There are many arguments that we as skeptics can use to prove that morality transcends religion, and that the non-religious can be — and are — moral people. In an ideal world, we could all simply lead by example and show that moral behavior does not have to be religiously motivated. As it stands, our respective abilities to be moral will be called into question no matter how well we act. Should we choose to participate in that debate for the seemingly-millionth time, we should at least be sure of our facts as well as the implications of the arguments that we make.

Morality on Trial: Why Prison Data Doesn’t Matter

7 thoughts on “Morality on Trial: Why Prison Data Doesn’t Matter

  1. 1

    I think you make some excellent points, especially as regards the types of crimes that are likely to send someone to prison and how these crimes don’t necessarily correlate with any meaningful broad definition of morality.

    I would quibble on one point though: “Not only are white Americans less likely to be imprisoned, but they are less likely to have come from an impoverished background, further lowering their chances of being imprisoned.”

    While this is roughly true, it does represent a potential for some sloppy overgeneralizations. While whites are less likely to be impoverished, that’s a matter of statistical trends and there are plenty of white people living in poverty. It seems that it would be more accurate to look at it from the other direction and focus on the fact that atheists tend to come from relatively affluent, educated backgrounds, and while these people tend to be disproportianately white, it is likely the education and financial comfort that influence their world view as much, if not more than, their ethnicity.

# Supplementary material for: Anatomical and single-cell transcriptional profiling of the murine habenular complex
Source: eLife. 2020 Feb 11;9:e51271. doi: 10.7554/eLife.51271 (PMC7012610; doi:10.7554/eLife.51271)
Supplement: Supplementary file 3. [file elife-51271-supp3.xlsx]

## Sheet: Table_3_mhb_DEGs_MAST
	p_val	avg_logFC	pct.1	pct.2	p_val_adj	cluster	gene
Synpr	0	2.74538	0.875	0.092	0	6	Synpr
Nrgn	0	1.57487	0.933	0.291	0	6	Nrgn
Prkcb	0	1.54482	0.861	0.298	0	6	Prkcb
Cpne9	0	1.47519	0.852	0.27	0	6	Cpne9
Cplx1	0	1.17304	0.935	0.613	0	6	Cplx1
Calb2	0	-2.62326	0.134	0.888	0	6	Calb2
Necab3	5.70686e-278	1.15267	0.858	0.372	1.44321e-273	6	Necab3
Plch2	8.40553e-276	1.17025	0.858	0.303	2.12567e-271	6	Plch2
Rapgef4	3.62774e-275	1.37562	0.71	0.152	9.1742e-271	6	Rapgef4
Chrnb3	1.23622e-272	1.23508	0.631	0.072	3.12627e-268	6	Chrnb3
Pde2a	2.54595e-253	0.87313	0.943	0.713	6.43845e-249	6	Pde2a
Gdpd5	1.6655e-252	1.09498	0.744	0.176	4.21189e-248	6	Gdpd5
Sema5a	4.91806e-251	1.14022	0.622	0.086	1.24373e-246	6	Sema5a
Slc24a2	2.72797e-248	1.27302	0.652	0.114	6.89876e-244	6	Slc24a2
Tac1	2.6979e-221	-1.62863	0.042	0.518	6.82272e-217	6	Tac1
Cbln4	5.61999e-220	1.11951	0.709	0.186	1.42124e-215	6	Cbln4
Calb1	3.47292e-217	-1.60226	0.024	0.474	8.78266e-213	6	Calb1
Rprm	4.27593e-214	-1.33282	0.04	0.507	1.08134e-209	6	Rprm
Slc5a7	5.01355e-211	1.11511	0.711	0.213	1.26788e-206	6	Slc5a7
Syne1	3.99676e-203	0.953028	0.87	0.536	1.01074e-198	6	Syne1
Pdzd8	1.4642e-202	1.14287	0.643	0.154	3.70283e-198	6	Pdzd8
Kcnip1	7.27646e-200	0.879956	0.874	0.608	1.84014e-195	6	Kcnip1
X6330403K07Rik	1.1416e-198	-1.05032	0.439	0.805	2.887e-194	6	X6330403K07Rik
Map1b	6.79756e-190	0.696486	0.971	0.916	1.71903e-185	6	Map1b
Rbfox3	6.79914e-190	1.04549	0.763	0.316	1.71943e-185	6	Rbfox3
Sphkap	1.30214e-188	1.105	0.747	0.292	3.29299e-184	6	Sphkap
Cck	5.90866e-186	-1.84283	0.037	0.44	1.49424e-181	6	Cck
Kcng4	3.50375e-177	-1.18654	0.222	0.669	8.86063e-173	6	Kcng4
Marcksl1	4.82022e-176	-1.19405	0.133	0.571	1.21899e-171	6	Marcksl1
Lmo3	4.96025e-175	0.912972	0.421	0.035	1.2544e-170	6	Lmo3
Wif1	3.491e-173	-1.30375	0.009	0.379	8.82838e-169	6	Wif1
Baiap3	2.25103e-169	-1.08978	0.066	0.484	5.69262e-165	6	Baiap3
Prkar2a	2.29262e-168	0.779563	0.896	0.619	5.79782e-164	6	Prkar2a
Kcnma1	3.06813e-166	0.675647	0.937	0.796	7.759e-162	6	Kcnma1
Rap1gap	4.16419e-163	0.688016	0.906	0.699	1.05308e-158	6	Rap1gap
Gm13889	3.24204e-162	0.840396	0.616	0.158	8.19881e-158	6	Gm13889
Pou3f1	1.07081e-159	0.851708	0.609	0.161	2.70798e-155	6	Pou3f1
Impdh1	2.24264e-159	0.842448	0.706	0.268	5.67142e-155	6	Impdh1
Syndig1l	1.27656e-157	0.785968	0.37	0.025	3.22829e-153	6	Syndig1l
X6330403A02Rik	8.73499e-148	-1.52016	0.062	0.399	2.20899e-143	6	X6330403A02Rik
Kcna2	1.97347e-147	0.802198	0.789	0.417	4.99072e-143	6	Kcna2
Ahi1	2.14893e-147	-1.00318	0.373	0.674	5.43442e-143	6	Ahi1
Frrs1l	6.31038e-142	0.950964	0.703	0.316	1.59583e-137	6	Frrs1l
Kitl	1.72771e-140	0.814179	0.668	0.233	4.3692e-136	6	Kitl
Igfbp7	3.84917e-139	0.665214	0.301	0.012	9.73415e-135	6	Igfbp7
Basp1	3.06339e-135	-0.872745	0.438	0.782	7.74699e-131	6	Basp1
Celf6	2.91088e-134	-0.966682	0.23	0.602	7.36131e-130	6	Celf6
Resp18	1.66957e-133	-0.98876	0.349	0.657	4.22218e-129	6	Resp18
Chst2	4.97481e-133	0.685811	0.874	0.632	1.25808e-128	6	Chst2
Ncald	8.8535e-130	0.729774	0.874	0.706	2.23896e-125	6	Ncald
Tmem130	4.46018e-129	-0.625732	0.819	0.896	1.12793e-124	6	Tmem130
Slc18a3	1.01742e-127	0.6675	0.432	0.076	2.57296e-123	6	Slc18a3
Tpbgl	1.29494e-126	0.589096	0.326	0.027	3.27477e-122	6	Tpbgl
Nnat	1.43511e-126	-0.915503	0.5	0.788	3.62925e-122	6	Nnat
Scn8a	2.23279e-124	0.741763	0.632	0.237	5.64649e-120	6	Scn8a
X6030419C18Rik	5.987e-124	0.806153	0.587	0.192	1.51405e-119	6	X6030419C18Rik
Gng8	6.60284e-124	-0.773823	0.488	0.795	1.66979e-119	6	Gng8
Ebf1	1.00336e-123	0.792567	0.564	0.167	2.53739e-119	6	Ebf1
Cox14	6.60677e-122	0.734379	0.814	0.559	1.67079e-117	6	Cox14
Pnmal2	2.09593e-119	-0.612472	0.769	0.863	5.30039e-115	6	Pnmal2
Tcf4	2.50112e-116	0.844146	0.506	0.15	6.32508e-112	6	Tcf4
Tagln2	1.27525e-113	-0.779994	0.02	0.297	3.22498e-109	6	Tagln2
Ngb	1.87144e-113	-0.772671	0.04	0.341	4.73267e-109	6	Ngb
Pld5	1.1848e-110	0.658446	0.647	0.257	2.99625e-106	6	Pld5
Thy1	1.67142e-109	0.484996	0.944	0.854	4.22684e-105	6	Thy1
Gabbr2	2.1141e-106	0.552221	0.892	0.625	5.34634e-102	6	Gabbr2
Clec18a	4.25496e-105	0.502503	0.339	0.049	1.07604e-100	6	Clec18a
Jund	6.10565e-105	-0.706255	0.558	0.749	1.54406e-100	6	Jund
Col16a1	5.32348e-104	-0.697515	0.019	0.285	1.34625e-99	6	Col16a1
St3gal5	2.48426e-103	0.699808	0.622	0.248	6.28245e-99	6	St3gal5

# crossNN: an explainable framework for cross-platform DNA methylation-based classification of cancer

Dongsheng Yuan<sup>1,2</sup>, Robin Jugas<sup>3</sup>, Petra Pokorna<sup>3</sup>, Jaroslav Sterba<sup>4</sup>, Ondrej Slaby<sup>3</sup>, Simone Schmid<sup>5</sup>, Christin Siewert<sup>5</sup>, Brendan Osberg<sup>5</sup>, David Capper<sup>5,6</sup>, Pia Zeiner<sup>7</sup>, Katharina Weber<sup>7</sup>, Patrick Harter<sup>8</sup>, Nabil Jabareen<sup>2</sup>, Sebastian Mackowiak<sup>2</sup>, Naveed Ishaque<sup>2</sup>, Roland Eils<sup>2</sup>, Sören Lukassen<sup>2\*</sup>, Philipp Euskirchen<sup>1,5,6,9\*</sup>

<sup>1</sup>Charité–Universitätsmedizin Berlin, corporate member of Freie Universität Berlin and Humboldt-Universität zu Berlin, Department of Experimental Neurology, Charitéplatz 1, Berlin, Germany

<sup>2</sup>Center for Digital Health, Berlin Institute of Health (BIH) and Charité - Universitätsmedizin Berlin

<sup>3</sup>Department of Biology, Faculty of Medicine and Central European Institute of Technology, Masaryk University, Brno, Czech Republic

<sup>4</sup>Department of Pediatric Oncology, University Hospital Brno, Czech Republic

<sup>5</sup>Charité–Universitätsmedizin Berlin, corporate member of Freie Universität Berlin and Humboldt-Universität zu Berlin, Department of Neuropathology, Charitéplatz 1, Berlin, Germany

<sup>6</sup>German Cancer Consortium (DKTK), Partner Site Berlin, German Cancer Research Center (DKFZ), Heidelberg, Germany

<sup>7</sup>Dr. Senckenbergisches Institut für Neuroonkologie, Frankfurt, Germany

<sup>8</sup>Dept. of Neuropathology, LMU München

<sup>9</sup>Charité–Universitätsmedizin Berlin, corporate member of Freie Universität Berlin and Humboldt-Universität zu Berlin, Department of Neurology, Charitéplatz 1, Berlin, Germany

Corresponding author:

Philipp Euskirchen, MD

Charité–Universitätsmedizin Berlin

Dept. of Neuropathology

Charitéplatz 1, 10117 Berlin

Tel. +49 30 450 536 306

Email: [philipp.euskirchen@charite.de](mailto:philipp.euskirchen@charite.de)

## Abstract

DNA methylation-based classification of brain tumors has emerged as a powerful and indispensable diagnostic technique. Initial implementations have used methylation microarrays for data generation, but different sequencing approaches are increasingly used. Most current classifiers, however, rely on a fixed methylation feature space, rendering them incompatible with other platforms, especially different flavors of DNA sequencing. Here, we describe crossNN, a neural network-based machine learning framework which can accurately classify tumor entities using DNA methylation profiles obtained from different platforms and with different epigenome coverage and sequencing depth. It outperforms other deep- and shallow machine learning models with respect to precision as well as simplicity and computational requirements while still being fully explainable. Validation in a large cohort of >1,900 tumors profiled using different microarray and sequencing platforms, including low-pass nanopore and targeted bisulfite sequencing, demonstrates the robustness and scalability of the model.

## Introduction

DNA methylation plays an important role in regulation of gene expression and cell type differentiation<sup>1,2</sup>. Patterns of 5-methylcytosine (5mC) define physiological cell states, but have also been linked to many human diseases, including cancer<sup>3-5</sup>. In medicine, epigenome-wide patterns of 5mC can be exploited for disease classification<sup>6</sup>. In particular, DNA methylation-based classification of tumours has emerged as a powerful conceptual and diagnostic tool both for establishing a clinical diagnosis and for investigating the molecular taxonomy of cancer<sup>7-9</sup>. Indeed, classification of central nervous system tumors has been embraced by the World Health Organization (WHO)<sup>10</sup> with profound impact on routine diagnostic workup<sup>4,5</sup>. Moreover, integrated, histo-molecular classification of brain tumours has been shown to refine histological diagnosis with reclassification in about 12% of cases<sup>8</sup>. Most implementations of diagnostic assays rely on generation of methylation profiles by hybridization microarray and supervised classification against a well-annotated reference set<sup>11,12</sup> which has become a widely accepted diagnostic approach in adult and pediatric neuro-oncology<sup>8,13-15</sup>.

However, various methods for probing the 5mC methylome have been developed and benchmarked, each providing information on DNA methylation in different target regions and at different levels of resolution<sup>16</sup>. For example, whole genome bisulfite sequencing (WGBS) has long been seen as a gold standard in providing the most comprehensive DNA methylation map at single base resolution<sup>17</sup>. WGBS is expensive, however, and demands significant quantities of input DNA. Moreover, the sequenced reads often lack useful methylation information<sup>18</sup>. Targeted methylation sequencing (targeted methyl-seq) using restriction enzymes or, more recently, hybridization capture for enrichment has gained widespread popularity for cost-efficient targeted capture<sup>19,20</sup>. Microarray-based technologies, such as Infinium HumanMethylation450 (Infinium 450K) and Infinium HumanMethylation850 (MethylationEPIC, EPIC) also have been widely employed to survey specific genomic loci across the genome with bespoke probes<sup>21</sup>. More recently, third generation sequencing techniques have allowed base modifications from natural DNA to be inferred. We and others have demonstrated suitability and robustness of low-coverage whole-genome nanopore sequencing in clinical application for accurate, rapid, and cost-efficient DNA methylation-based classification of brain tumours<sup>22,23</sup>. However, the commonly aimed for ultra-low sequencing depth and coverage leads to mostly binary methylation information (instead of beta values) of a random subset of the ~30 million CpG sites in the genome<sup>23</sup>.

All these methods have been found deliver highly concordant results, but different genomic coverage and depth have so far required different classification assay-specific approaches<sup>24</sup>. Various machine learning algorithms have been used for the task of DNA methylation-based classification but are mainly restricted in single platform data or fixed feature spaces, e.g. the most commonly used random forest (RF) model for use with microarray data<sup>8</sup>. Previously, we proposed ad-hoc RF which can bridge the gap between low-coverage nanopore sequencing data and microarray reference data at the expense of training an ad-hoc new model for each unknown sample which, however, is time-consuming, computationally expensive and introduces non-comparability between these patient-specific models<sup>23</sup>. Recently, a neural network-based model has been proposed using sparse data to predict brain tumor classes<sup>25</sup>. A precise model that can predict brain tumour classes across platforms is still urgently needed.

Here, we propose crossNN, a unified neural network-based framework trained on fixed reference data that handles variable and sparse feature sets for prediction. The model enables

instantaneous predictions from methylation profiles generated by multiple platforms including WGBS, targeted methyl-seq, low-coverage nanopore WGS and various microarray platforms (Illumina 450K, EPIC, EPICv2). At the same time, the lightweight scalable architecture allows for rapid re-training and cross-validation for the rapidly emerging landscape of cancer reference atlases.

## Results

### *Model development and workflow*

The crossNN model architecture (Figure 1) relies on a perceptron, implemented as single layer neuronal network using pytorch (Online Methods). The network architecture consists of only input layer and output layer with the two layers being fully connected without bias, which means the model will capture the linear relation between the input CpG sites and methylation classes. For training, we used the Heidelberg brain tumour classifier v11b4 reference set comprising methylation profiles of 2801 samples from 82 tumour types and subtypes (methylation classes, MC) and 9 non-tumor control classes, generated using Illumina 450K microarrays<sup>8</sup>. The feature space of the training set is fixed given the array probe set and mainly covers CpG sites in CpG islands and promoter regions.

1. 1.1

      The reason I avoided statements like “atheists tend to come from relatively affluent, educated backgrounds” is because I could not find data to prove that this was the case regardless of ethnic background. Do you know of some survey or study of which I am unaware?

    1. 3.1

      According to that page, just under 50% of secular folk are college educated. While this is a higher percentage than that of the population at large, it hardly means that even a majority of atheists are college educated, so I would still hesitate to say that education is why fewer atheists are in prison.